The Fourth Circuit recently issued a significant decision, Williams v. Kincaid, which held that the Americans with Disabilities Act (ADA) protects individuals with gender dysphoria, becoming the first federal circuit in the country to do so.

Williams v. Kincaid arose from a transgender woman incarcerated in Virginia. Williams has gender dysphoria, a condition involving psychological distress resulting from an incongruence between one’s sex assigned at birth and one’s gender identity.  Prior to her incarceration, Williams had been receiving hormone therapy treatments for 15 years.

Upon incarceration, Williams experienced delays in the medical treatment required to treat her gender dysphoria. Additionally, Williams was housed in a unit with male prisoners despite prison officials knowing her transgender status.

After her release, Williams brought suit alleging violations of the ADA. The district court dismissed the ADA claims on the basis that gender dysphoria did not constitute a disability under the ADA.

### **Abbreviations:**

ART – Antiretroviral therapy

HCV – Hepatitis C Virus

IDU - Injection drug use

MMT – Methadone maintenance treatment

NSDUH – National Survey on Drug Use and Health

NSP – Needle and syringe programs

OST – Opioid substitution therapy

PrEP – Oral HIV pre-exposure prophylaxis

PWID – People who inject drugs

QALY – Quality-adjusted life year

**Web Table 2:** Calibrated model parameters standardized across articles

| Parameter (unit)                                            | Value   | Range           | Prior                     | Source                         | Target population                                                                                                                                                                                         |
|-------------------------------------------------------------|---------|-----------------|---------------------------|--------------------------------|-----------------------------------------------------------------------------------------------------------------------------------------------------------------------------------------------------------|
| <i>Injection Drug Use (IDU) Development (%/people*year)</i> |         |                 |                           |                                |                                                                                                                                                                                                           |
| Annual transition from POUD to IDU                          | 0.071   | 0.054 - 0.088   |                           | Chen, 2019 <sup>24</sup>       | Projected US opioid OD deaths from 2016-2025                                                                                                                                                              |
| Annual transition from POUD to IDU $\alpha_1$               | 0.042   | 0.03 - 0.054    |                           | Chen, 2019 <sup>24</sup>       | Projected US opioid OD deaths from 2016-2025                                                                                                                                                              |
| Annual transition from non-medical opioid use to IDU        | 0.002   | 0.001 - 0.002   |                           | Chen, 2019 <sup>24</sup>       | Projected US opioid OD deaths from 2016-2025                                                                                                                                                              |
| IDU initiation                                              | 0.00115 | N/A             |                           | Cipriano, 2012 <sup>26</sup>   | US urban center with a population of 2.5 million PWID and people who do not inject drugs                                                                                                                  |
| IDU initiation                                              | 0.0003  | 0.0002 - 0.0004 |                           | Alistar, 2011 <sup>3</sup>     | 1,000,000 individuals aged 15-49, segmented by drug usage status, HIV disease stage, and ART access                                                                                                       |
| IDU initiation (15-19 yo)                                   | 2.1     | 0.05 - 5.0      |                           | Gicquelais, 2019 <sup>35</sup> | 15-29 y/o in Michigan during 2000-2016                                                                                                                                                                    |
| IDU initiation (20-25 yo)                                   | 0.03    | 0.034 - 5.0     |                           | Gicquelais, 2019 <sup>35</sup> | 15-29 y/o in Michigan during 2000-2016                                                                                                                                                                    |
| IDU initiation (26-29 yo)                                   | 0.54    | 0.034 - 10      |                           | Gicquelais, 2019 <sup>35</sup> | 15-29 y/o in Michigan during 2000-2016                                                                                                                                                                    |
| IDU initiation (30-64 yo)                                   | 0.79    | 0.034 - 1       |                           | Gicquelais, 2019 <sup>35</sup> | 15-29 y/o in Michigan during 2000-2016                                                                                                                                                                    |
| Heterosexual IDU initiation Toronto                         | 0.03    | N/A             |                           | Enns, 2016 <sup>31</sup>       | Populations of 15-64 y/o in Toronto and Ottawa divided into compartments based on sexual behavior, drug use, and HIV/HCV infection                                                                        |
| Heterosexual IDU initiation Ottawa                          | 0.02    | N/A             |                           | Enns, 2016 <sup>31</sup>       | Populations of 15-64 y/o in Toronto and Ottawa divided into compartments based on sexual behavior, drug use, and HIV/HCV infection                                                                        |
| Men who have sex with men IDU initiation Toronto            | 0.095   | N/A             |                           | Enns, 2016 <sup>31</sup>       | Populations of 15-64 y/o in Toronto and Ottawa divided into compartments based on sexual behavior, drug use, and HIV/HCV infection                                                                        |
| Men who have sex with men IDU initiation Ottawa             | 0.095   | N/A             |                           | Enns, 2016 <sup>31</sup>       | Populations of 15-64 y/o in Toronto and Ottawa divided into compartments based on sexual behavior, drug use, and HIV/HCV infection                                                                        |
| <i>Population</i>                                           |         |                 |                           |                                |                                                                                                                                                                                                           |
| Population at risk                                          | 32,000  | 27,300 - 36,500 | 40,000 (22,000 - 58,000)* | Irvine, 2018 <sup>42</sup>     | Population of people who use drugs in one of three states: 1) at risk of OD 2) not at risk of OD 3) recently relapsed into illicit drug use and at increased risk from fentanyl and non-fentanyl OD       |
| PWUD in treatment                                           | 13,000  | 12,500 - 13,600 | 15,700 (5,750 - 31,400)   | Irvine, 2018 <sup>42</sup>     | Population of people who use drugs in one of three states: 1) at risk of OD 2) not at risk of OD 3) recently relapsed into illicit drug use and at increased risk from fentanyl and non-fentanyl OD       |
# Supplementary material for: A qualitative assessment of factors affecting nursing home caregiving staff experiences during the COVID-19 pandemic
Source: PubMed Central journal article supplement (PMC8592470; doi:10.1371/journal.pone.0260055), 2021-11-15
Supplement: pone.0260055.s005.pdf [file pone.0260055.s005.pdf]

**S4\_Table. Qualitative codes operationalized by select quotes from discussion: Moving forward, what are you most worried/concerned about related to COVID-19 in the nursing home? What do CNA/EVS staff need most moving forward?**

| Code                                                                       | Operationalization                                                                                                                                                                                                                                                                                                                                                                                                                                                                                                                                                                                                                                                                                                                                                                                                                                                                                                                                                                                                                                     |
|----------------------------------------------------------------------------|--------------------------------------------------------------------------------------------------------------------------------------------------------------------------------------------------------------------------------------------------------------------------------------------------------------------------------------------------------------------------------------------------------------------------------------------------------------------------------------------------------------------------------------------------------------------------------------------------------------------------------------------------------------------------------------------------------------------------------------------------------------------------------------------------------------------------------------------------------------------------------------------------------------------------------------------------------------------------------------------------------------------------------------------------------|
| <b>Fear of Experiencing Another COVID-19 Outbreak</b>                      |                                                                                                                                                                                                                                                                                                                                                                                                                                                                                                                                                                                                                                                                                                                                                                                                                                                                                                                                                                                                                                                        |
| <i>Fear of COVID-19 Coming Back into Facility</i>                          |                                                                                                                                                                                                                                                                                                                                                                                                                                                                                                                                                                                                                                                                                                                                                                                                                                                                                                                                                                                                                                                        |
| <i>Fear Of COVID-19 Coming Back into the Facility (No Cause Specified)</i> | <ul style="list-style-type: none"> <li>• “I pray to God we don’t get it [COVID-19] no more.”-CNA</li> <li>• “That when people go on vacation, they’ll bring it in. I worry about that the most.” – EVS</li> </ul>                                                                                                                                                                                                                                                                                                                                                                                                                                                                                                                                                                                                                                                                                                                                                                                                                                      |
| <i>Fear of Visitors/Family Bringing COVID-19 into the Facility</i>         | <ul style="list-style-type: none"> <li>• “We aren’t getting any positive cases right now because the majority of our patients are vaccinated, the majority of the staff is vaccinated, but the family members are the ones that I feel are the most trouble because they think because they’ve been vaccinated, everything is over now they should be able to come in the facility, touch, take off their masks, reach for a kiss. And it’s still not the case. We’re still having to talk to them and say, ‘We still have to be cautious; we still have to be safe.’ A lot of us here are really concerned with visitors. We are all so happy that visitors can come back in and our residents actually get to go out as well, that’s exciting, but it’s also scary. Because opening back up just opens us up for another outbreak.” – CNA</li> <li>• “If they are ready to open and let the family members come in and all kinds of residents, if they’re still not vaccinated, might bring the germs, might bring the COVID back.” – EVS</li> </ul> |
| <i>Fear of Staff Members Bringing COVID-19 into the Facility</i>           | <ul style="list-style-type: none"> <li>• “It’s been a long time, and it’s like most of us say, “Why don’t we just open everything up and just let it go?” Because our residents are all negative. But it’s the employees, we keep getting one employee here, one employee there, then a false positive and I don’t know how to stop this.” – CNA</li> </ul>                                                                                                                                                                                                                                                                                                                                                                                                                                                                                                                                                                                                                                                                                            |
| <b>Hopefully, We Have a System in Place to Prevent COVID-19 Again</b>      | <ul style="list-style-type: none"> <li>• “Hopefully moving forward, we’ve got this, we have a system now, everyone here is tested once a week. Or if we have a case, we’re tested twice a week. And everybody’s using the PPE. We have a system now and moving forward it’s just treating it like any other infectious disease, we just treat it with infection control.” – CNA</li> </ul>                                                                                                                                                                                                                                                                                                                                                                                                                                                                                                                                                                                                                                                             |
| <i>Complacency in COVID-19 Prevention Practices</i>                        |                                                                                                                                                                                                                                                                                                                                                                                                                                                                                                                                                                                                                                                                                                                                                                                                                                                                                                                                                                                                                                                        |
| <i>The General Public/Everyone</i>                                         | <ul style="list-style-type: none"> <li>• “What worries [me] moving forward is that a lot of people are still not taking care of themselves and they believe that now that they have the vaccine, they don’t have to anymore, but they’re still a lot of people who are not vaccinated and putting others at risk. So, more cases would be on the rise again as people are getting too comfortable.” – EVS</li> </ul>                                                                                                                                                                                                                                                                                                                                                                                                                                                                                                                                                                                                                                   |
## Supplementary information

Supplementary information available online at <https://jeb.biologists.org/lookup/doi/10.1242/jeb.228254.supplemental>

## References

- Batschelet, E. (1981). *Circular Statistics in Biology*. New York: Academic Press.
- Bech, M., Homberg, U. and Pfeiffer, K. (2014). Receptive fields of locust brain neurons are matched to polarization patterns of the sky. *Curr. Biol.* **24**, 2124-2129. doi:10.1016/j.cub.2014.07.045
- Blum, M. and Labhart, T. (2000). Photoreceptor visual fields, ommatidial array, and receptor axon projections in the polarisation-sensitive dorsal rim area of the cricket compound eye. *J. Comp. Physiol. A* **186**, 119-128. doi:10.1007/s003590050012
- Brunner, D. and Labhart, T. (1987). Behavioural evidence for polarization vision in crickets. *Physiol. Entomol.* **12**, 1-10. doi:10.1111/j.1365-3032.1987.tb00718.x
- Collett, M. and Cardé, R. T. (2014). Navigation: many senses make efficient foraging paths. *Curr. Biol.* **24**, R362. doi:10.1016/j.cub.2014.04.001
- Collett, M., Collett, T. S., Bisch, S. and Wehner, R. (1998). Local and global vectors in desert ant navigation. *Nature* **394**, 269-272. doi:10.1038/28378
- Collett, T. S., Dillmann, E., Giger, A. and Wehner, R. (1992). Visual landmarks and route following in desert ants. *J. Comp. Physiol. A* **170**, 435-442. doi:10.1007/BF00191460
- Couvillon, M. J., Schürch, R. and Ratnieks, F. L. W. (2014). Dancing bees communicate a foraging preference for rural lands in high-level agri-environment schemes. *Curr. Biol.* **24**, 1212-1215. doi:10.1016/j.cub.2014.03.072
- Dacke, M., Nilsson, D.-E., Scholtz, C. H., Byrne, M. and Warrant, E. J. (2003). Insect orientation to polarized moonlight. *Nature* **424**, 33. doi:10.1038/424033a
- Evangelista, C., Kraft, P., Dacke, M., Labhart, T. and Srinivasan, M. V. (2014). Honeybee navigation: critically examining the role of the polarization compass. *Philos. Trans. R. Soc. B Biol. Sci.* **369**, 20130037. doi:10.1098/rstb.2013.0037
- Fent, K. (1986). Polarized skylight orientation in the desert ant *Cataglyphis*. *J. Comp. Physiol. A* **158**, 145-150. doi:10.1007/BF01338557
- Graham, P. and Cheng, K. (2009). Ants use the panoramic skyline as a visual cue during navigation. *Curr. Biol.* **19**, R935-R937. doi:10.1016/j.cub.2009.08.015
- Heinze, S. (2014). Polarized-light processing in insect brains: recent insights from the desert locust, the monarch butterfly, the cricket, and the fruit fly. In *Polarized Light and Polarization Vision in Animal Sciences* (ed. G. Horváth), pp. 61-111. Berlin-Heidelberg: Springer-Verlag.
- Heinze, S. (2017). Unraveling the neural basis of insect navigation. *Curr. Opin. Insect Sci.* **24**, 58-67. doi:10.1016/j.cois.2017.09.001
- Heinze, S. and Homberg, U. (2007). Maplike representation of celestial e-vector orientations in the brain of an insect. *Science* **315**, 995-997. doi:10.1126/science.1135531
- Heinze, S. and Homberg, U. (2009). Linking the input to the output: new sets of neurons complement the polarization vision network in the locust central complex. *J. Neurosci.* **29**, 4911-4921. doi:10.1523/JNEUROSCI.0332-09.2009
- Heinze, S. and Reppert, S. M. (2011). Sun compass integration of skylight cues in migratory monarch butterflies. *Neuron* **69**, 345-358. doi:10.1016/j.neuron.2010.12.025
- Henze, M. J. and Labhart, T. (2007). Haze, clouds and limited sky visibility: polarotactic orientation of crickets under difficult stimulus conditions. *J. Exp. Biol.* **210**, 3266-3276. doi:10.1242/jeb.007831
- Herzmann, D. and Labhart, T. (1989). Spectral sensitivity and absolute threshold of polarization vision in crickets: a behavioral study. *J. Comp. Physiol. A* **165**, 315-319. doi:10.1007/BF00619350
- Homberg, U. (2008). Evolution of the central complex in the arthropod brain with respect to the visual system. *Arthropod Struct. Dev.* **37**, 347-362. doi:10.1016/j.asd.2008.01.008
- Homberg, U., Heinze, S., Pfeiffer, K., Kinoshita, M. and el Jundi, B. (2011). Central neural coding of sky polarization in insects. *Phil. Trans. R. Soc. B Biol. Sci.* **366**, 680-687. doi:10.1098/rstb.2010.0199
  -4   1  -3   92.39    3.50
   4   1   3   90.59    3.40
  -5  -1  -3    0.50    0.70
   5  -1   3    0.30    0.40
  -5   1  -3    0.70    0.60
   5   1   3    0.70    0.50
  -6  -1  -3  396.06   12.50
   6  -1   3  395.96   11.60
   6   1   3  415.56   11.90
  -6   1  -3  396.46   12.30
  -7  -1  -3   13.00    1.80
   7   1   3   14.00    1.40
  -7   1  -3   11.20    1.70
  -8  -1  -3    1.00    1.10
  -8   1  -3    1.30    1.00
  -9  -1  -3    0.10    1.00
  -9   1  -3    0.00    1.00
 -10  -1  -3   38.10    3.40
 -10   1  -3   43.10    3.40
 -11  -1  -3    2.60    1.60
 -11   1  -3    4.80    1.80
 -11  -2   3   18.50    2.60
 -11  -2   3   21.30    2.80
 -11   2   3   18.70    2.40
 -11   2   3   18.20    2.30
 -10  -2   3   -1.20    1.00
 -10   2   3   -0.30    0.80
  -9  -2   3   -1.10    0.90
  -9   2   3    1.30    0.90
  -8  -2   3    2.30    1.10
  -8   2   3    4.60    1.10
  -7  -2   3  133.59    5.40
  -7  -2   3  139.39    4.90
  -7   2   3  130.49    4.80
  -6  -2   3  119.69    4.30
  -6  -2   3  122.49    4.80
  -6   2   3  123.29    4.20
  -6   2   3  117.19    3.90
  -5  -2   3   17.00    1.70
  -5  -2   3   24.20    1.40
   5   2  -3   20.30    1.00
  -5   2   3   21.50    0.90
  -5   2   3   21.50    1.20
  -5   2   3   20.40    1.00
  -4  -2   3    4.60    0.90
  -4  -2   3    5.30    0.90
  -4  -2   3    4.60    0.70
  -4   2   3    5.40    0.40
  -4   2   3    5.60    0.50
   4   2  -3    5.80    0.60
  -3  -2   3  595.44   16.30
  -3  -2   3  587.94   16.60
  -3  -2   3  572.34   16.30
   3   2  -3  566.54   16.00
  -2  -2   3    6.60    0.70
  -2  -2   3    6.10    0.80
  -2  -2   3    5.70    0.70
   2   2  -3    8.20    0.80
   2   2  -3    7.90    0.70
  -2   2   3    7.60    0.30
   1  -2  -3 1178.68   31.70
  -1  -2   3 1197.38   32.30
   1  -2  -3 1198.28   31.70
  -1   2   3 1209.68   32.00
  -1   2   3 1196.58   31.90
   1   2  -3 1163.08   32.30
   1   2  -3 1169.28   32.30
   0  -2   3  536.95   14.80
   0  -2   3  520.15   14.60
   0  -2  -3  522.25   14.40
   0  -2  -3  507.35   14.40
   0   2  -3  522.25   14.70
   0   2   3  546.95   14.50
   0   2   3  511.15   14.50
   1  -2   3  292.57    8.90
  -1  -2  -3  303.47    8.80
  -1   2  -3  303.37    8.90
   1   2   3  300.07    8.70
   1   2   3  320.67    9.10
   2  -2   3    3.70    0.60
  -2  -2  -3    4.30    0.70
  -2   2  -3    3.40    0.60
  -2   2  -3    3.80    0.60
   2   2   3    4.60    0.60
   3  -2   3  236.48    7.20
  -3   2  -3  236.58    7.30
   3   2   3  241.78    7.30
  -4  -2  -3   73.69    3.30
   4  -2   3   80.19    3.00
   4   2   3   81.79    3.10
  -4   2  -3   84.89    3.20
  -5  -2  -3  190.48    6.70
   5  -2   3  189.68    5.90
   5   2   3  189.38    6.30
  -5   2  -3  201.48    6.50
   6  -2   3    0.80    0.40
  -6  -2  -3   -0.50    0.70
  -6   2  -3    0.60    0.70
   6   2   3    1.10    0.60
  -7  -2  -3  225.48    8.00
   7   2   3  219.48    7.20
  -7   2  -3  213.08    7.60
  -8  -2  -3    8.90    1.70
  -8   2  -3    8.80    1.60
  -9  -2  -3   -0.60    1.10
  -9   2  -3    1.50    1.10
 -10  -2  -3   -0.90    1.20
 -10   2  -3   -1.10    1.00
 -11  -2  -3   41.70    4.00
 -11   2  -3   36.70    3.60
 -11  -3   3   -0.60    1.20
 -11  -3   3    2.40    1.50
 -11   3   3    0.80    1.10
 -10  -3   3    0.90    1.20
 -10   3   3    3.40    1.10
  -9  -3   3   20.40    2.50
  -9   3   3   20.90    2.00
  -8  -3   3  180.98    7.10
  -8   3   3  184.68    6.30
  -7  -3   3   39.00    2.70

The central question on appeal was whether gender dysphoria is a “gender identity disorder,” which is specifically excluded from protection under the ADA. The Fourth Circuit panel held that “nothing in the ADA, then or now, compels the conclusion that gender dysphoria constitutes a ‘gender identity disorder’ excluded from ADA protection.” In reaching this conclusion, the majority took note of the fact that the medical community has treated “gender identity disorder” and “gender dysphoria” as two distinct concepts. The majority additionally held that, because Williams receives medical treatments and provided research identifying possible physical causes for gender dysphoria, it “nevertheless falls within the ADA’s safe harbor for ‘gender identity disorders . . . resulting from physical impairments.’”

This decision directly affects covered employers in Maryland, Virginia, West Virginia, North Carolina, and South Carolina. Employees diagnosed with gender dysphoria are now protected against discrimination, harassment, and retaliation. Moreover, they may be entitled to reasonable accommodations related to their condition, including restroom usage, employer-provided housing, task and shift assignments, and leave for medical treatment.

Employers in states and territories covered by other federal appellate courts should be mindful about the decision and the growing list of federal district courts who have reached a similar conclusion.